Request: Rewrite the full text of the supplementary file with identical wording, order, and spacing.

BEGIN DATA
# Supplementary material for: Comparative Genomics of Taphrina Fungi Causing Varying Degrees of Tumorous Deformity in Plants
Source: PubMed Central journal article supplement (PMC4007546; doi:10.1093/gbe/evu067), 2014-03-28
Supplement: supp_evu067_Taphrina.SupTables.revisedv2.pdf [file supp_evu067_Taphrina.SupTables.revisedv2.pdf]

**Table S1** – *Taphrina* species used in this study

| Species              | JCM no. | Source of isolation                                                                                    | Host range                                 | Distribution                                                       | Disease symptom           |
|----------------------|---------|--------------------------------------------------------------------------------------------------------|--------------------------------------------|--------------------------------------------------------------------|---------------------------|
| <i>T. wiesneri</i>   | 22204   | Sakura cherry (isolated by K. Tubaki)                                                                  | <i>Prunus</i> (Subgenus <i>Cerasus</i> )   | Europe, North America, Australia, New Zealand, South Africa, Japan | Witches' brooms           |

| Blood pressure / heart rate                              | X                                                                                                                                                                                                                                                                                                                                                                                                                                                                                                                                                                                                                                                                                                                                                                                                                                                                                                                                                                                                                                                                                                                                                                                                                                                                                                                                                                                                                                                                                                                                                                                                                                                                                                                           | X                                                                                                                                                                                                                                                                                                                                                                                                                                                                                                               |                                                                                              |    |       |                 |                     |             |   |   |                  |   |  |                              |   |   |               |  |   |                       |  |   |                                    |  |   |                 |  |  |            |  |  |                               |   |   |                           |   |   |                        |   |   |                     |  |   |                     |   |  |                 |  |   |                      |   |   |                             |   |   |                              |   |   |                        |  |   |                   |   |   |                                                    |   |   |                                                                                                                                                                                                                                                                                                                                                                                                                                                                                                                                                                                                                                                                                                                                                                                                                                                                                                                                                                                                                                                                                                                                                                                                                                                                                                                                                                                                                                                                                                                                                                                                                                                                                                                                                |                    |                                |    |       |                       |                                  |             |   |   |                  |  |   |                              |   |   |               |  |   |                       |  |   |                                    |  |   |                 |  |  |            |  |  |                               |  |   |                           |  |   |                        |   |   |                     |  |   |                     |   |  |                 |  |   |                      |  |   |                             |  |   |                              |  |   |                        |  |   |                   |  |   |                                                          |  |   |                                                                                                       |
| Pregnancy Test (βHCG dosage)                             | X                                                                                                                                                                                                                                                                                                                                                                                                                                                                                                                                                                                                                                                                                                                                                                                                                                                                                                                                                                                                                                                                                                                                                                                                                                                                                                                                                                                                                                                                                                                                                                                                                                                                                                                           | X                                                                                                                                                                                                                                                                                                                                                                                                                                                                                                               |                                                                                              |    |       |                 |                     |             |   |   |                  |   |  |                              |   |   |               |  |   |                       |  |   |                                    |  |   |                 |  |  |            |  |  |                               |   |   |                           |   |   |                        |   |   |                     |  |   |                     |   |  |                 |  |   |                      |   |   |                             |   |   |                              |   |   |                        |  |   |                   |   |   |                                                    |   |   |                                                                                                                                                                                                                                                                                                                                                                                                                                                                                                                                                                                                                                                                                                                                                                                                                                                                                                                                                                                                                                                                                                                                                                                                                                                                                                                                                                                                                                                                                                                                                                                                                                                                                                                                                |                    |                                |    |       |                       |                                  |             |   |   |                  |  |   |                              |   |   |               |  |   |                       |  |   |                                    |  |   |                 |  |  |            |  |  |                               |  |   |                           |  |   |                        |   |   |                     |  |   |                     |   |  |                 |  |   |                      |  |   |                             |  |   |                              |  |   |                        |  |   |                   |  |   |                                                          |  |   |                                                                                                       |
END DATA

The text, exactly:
# Supplementary material for: Comparative Genomics of Taphrina Fungi Causing Varying Degrees of Tumorous Deformity in Plants
Source: PubMed Central journal article supplement (PMC4007546; doi:10.1093/gbe/evu067), 2014-03-28
Supplement: supp_evu067_Taphrina.SupTables.revisedv2.pdf [file supp_evu067_Taphrina.SupTables.revisedv2.pdf]

**Table S1** – *Taphrina* species used in this study

| Species              | JCM no. | Source of isolation                                                                                    | Host range                                 | Distribution                                                       | Disease symptom           |
|----------------------|---------|--------------------------------------------------------------------------------------------------------|--------------------------------------------|--------------------------------------------------------------------|---------------------------|
| <i>T. wiesneri</i>   | 22204   | Sakura cherry (isolated by K. Tubaki)                                                                  | <i>Prunus</i> (Subgenus <i>Cerasus</i> )   | Europe, North America, Australia, New Zealand, South Africa, Japan | Witches' brooms           |

| Blood pressure / heart rate                              | X                                                                                                                                                                                                                                                                                                                                                                                                                                                                                                                                                                                                                                                                                                                                                                                                                                                                                                                                                                                                                                                                                                                                                                                                                                                                                                                                                                                                                                                                                                                                                                                                                                                                                                                           | X                                                                                                                                                                                                                                                                                                                                                                                                                                                                                                               |                                                                                              |    |       |                 |                     |             |   |   |                  |   |  |                              |   |   |               |  |   |                       |  |   |                                    |  |   |                 |  |  |            |  |  |                               |   |   |                           |   |   |                        |   |   |                     |  |   |                     |   |  |                 |  |   |                      |   |   |                             |   |   |                              |   |   |                        |  |   |                   |   |   |                                                    |   |   |                                                                                                                                                                                                                                                                                                                                                                                                                                                                                                                                                                                                                                                                                                                                                                                                                                                                                                                                                                                                                                                                                                                                                                                                                                                                                                                                                                                                                                                                                                                                                                                                                                                                                                                                                |                    |                                |    |       |                       |                                  |             |   |   |                  |  |   |                              |   |   |               |  |   |                       |  |   |                                    |  |   |                 |  |  |            |  |  |                               |  |   |                           |  |   |                        |   |   |                     |  |   |                     |   |  |                 |  |   |                      |  |   |                             |  |   |                              |  |   |                        |  |   |                   |  |   |                                                          |  |   |                                                                                                       |
| Pregnancy Test (βHCG dosage)                             | X                                                                                                                                                                                                                                                                                                                                                                                                                                                                                                                                                                                                                                                                                                                                                                                                                                                                                                                                                                                                                                                                                                                                                                                                                                                                                                                                                                                                                                                                                                                                                                                                                                                                                                                           | X                                                                                                                                                                                                                                                                                                                                                                                                                                                                                                               |                                                                                              |    |       |                 |                     |             |   |   |                  |   |  |                              |   |   |               |  |   |                       |  |   |                                    |  |   |                 |  |  |            |  |  |                               |   |   |                           |   |   |                        |   |   |                     |  |   |                     |   |  |                 |  |   |                      |   |   |                             |   |   |                              |   |   |                        |  |   |                   |   |   |                                                    |   |   |                                                                                                                                                                                                                                                                                                                                                                                                                                                                                                                                                                                                                                                                                                                                                                                                                                                                                                                                                                                                                                                                                                                                                                                                                                                                                                                                                                                                                                                                                                                                                                                                                                                                                                                                                |                    |                                |    |       |                       |                                  |             |   |   |                  |  |   |                              |   |   |               |  |   |                       |  |   |                                    |  |   |                 |  |  |            |  |  |                               |  |   |                           |  |   |                        |   |   |                     |  |   |                     |   |  |                 |  |   |                      |  |   |                             |  |   |                              |  |   |                        |  |   |                   |  |   |                                                          |  |   |                                                                                                       |